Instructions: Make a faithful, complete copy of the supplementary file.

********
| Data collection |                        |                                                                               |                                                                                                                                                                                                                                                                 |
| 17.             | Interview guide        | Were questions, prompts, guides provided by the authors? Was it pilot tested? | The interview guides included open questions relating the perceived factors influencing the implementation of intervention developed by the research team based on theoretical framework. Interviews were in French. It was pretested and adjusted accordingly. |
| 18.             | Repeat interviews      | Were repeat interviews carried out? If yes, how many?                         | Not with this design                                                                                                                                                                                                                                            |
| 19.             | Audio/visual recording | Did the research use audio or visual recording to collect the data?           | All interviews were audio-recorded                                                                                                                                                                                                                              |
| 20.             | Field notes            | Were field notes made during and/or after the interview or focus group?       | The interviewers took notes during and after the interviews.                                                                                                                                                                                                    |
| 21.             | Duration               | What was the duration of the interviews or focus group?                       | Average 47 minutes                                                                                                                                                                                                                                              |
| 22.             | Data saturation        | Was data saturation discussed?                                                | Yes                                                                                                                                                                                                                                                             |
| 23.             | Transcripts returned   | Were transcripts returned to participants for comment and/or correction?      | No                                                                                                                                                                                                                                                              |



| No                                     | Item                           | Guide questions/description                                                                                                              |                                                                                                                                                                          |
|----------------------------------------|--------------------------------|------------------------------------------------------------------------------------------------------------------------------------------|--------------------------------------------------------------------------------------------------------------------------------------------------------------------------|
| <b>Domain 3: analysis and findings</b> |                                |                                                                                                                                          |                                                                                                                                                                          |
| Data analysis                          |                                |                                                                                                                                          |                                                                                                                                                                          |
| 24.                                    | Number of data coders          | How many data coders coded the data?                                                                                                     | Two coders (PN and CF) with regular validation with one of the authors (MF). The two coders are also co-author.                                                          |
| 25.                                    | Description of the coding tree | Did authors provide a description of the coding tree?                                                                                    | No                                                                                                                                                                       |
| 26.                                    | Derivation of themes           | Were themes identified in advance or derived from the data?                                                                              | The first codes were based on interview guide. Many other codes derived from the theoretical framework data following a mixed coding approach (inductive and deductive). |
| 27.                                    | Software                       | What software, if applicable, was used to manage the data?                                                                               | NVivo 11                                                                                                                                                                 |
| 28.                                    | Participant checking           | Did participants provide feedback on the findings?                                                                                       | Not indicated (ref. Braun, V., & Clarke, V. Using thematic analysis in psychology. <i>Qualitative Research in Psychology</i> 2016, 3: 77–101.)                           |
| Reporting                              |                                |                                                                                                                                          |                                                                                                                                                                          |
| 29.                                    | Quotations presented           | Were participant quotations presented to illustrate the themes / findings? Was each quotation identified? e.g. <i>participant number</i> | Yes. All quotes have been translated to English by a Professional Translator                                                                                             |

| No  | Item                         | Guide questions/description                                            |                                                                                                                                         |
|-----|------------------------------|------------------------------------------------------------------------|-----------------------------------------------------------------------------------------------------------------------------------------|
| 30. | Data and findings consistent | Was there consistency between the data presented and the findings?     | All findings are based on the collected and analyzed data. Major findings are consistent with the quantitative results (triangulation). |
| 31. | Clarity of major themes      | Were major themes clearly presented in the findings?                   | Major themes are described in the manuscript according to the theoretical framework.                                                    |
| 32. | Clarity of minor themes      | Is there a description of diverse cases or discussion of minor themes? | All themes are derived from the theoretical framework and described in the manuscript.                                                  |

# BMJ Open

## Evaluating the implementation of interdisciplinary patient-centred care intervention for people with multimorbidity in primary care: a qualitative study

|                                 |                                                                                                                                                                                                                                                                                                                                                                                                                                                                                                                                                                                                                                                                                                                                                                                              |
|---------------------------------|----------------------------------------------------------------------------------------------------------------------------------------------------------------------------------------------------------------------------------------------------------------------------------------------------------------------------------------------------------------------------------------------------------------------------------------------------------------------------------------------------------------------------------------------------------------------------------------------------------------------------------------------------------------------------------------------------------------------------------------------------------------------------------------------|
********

| Data collection |                        |                                                                               |                                                                                                                                                                                                                                                                 |
| 17.             | Interview guide        | Were questions, prompts, guides provided by the authors? Was it pilot tested? | The interview guides included open questions relating the perceived factors influencing the implementation of intervention developed by the research team based on theoretical framework. Interviews were in French. It was pretested and adjusted accordingly. |
| 18.             | Repeat interviews      | Were repeat interviews carried out? If yes, how many?                         | Not with this design                                                                                                                                                                                                                                            |
| 19.             | Audio/visual recording | Did the research use audio or visual recording to collect the data?           | All interviews were audio-recorded                                                                                                                                                                                                                              |
| 20.             | Field notes            | Were field notes made during and/or after the interview or focus group?       | The interviewers took notes during and after the interviews.                                                                                                                                                                                                    |
| 21.             | Duration               | What was the duration of the interviews or focus group?                       | Average 47 minutes                                                                                                                                                                                                                                              |
| 22.             | Data saturation        | Was data saturation discussed?                                                | Yes                                                                                                                                                                                                                                                             |
| 23.             | Transcripts returned   | Were transcripts returned to participants for comment and/or correction?      | No                                                                                                                                                                                                                                                              |



| No                                     | Item                           | Guide questions/description                                                                                                              |                                                                                                                                                                          |
|----------------------------------------|--------------------------------|------------------------------------------------------------------------------------------------------------------------------------------|--------------------------------------------------------------------------------------------------------------------------------------------------------------------------|
| <b>Domain 3: analysis and findings</b> |                                |                                                                                                                                          |                                                                                                                                                                          |
| Data analysis                          |                                |                                                                                                                                          |                                                                                                                                                                          |
| 24.                                    | Number of data coders          | How many data coders coded the data?                                                                                                     | Two coders (PN and CF) with regular validation with one of the authors (MF). The two coders are also co-author.                                                          |
| 25.                                    | Description of the coding tree | Did authors provide a description of the coding tree?                                                                                    | No                                                                                                                                                                       |
| 26.                                    | Derivation of themes           | Were themes identified in advance or derived from the data?                                                                              | The first codes were based on interview guide. Many other codes derived from the theoretical framework data following a mixed coding approach (inductive and deductive). |
| 27.                                    | Software                       | What software, if applicable, was used to manage the data?                                                                               | NVivo 11                                                                                                                                                                 |
| 28.                                    | Participant checking           | Did participants provide feedback on the findings?                                                                                       | Not indicated (ref. Braun, V., & Clarke, V. Using thematic analysis in psychology. <i>Qualitative Research in Psychology</i> 2016, 3: 77–101.)                           |
| Reporting                              |                                |                                                                                                                                          |                                                                                                                                                                          |
| 29.                                    | Quotations presented           | Were participant quotations presented to illustrate the themes / findings? Was each quotation identified? e.g. <i>participant number</i> | Yes. All quotes have been translated to English by a Professional Translator                                                                                             |

| No  | Item                         | Guide questions/description                                            |                                                                                                                                         |
|-----|------------------------------|------------------------------------------------------------------------|-----------------------------------------------------------------------------------------------------------------------------------------|
| 30. | Data and findings consistent | Was there consistency between the data presented and the findings?     | All findings are based on the collected and analyzed data. Major findings are consistent with the quantitative results (triangulation). |
| 31. | Clarity of major themes      | Were major themes clearly presented in the findings?                   | Major themes are described in the manuscript according to the theoretical framework.                                                    |
| 32. | Clarity of minor themes      | Is there a description of diverse cases or discussion of minor themes? | All themes are derived from the theoretical framework and described in the manuscript.                                                  |

# BMJ Open

## Evaluating the implementation of interdisciplinary patient-centred care intervention for people with multimorbidity in primary care: a qualitative study

|                                 |                                                                                                                                                                                                                                                                                                                                                                                                                                                                                                                                                                                                                                                                                                                                                                                              |
|---------------------------------|----------------------------------------------------------------------------------------------------------------------------------------------------------------------------------------------------------------------------------------------------------------------------------------------------------------------------------------------------------------------------------------------------------------------------------------------------------------------------------------------------------------------------------------------------------------------------------------------------------------------------------------------------------------------------------------------------------------------------------------------------------------------------------------------|